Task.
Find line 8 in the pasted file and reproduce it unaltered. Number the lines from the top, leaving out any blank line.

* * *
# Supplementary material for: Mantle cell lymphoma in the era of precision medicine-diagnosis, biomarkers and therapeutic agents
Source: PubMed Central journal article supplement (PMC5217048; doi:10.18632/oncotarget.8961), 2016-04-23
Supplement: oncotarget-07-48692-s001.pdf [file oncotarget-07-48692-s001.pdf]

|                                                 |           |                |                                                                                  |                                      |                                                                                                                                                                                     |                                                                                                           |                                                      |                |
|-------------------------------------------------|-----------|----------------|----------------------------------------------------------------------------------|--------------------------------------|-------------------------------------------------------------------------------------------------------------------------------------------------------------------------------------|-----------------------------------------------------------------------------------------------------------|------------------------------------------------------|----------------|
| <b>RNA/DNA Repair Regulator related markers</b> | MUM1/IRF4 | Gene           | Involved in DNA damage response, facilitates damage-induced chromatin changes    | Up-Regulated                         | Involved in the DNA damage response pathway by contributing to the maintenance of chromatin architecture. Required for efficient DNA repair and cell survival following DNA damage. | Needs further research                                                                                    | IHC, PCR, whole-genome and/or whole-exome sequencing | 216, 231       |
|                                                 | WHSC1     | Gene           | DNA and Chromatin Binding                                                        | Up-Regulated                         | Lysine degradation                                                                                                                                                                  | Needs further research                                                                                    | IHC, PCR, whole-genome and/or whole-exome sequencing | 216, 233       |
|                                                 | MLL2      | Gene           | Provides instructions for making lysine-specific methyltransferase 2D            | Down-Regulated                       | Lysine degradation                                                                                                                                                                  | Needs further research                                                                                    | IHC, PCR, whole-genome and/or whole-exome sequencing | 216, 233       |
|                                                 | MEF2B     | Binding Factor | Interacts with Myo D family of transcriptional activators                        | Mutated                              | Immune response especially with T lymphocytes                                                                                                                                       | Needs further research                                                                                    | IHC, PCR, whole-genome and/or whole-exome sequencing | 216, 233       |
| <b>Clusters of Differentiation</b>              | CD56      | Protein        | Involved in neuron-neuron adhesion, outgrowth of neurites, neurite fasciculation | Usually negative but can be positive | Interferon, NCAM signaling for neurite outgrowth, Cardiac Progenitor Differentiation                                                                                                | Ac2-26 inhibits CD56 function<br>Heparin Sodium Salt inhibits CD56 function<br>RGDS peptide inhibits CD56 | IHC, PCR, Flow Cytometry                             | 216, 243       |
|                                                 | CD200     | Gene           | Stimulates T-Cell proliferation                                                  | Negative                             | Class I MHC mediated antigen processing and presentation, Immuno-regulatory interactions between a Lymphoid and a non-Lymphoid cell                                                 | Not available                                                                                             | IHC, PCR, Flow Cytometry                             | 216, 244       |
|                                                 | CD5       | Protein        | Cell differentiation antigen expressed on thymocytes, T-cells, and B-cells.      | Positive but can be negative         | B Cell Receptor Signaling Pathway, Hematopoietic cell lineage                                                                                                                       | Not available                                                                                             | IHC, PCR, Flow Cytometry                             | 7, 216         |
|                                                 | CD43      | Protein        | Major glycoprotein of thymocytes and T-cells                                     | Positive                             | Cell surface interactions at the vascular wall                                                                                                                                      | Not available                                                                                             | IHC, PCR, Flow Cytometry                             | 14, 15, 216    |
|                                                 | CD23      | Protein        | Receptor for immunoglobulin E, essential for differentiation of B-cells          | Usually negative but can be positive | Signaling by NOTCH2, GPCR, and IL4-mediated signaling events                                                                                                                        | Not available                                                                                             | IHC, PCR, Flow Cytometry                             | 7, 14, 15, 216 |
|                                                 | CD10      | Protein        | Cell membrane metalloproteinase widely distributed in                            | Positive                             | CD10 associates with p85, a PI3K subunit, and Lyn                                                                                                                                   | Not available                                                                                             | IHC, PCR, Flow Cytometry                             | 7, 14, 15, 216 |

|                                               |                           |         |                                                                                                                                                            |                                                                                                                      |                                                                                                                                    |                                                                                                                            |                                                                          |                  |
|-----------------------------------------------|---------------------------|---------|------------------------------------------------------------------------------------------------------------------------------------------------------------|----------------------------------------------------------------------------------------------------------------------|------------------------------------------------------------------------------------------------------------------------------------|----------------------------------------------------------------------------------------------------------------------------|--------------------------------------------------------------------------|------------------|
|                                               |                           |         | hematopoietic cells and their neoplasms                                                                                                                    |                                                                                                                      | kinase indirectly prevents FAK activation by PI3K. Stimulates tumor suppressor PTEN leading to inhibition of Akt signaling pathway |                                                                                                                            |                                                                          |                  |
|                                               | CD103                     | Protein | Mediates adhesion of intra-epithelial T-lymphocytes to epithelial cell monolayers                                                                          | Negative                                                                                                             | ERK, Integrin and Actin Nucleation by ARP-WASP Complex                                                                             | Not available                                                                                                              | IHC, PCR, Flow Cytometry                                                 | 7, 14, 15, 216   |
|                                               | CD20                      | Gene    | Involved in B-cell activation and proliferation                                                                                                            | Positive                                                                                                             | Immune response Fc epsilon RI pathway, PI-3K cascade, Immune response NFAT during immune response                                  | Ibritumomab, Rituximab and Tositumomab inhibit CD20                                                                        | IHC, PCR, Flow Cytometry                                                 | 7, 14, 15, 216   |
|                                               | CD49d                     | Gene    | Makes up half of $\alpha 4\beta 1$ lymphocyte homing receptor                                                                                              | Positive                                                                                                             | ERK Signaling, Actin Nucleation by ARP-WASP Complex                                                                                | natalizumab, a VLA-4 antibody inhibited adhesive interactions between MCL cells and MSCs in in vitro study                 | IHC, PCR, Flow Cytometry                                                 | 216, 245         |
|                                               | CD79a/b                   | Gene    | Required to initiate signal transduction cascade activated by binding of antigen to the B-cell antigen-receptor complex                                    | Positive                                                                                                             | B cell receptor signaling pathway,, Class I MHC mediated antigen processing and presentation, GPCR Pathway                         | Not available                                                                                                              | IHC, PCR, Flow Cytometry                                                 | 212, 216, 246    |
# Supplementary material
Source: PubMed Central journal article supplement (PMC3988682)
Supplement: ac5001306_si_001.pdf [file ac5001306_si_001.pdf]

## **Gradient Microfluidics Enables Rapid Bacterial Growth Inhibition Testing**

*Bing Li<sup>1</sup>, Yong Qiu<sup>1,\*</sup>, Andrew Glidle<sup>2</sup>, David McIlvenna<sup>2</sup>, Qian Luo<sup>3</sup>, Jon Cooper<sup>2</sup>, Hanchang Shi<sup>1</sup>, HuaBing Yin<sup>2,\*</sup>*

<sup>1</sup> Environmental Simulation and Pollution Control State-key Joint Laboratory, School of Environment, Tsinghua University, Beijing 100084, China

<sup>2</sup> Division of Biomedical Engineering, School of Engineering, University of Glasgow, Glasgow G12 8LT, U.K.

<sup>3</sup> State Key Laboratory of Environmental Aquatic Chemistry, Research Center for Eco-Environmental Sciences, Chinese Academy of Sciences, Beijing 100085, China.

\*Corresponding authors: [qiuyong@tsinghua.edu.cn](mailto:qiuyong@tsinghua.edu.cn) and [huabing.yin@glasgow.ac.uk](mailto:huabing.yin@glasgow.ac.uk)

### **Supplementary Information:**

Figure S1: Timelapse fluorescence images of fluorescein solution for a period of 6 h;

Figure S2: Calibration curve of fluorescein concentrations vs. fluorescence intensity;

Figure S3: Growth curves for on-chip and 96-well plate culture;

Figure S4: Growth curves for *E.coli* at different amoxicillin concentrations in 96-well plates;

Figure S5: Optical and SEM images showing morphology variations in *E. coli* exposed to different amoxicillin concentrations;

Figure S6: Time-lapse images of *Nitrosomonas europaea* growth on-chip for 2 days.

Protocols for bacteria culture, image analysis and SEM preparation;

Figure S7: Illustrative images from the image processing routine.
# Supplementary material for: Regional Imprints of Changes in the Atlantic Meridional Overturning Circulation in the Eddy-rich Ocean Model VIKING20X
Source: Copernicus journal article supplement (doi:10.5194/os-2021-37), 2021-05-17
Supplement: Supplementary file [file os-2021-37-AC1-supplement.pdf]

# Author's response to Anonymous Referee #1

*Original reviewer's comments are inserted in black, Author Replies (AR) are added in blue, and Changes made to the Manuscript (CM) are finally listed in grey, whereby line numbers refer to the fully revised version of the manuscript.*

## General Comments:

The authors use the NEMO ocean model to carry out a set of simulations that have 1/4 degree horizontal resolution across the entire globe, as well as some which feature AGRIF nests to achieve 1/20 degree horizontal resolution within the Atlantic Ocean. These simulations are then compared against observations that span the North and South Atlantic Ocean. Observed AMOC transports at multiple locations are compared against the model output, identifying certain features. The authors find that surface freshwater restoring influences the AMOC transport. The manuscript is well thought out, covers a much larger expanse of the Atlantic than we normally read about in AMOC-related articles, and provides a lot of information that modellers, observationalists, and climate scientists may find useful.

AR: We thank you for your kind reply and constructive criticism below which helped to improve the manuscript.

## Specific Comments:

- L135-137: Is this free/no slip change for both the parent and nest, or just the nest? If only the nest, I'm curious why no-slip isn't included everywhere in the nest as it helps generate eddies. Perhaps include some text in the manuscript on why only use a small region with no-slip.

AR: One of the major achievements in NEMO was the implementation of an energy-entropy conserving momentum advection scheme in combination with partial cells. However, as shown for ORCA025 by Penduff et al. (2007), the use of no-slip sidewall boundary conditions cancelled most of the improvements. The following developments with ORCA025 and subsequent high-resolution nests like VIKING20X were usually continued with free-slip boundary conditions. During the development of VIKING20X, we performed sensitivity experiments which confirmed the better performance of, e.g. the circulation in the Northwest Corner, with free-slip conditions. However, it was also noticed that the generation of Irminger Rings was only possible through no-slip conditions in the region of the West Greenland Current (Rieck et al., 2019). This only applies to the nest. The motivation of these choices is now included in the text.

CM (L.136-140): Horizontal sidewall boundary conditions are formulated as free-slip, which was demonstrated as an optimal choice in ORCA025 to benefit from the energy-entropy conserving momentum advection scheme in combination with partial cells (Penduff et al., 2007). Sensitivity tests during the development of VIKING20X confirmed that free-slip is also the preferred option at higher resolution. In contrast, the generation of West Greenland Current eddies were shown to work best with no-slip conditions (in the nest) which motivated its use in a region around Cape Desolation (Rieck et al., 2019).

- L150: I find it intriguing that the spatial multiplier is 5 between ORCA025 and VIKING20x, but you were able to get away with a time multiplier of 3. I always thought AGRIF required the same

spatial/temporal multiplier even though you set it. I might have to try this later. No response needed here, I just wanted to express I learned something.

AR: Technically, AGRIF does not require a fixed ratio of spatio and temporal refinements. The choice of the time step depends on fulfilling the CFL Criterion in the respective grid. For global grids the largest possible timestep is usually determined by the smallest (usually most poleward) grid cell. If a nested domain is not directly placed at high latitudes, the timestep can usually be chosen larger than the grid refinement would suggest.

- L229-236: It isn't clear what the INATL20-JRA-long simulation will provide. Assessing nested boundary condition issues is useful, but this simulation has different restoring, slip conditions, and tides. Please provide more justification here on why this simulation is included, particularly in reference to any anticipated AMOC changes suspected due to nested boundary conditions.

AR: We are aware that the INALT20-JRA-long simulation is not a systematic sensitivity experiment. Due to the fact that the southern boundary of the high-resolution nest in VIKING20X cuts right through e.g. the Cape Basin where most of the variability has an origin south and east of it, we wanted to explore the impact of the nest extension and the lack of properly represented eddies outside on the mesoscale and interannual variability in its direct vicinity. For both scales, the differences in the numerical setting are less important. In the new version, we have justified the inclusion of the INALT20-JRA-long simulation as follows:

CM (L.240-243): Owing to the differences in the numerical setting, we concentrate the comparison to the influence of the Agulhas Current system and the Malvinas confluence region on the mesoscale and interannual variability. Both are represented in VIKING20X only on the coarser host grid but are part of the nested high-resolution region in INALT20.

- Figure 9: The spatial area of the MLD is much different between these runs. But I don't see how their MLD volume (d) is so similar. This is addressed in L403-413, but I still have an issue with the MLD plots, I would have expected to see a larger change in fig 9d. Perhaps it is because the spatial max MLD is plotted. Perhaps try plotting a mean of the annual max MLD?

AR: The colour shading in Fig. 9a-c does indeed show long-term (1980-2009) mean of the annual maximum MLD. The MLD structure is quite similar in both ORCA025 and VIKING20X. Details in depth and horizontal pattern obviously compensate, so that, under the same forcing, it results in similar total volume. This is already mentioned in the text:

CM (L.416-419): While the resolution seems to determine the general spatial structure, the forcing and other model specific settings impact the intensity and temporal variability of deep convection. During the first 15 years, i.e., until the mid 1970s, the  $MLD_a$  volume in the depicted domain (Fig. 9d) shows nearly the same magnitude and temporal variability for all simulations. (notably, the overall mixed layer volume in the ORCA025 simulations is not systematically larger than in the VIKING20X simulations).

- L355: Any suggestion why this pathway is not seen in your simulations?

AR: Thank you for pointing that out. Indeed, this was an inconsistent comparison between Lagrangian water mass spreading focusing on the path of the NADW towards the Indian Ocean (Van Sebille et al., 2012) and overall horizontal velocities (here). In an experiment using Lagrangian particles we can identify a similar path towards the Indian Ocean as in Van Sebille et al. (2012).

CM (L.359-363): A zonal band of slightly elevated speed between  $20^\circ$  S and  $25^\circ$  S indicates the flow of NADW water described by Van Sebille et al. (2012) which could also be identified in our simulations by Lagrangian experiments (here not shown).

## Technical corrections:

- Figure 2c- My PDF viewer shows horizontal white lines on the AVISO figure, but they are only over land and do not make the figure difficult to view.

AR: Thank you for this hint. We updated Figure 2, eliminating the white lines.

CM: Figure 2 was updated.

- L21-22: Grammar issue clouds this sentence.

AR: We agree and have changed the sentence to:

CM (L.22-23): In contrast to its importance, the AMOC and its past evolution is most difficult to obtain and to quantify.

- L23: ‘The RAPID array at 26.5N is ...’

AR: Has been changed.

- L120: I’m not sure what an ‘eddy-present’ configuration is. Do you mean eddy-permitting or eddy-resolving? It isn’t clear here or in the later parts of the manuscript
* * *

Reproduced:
|                                                 | MLL2      | Gene           | Provides instructions for making lysine-specific methyltransferase 2D            | Down-Regulated                       | Lysine degradation                                                                                                                                                                  | Needs further research                                                                                    | IHC, PCR, whole-genome and/or whole-exome sequencing | 216, 233       |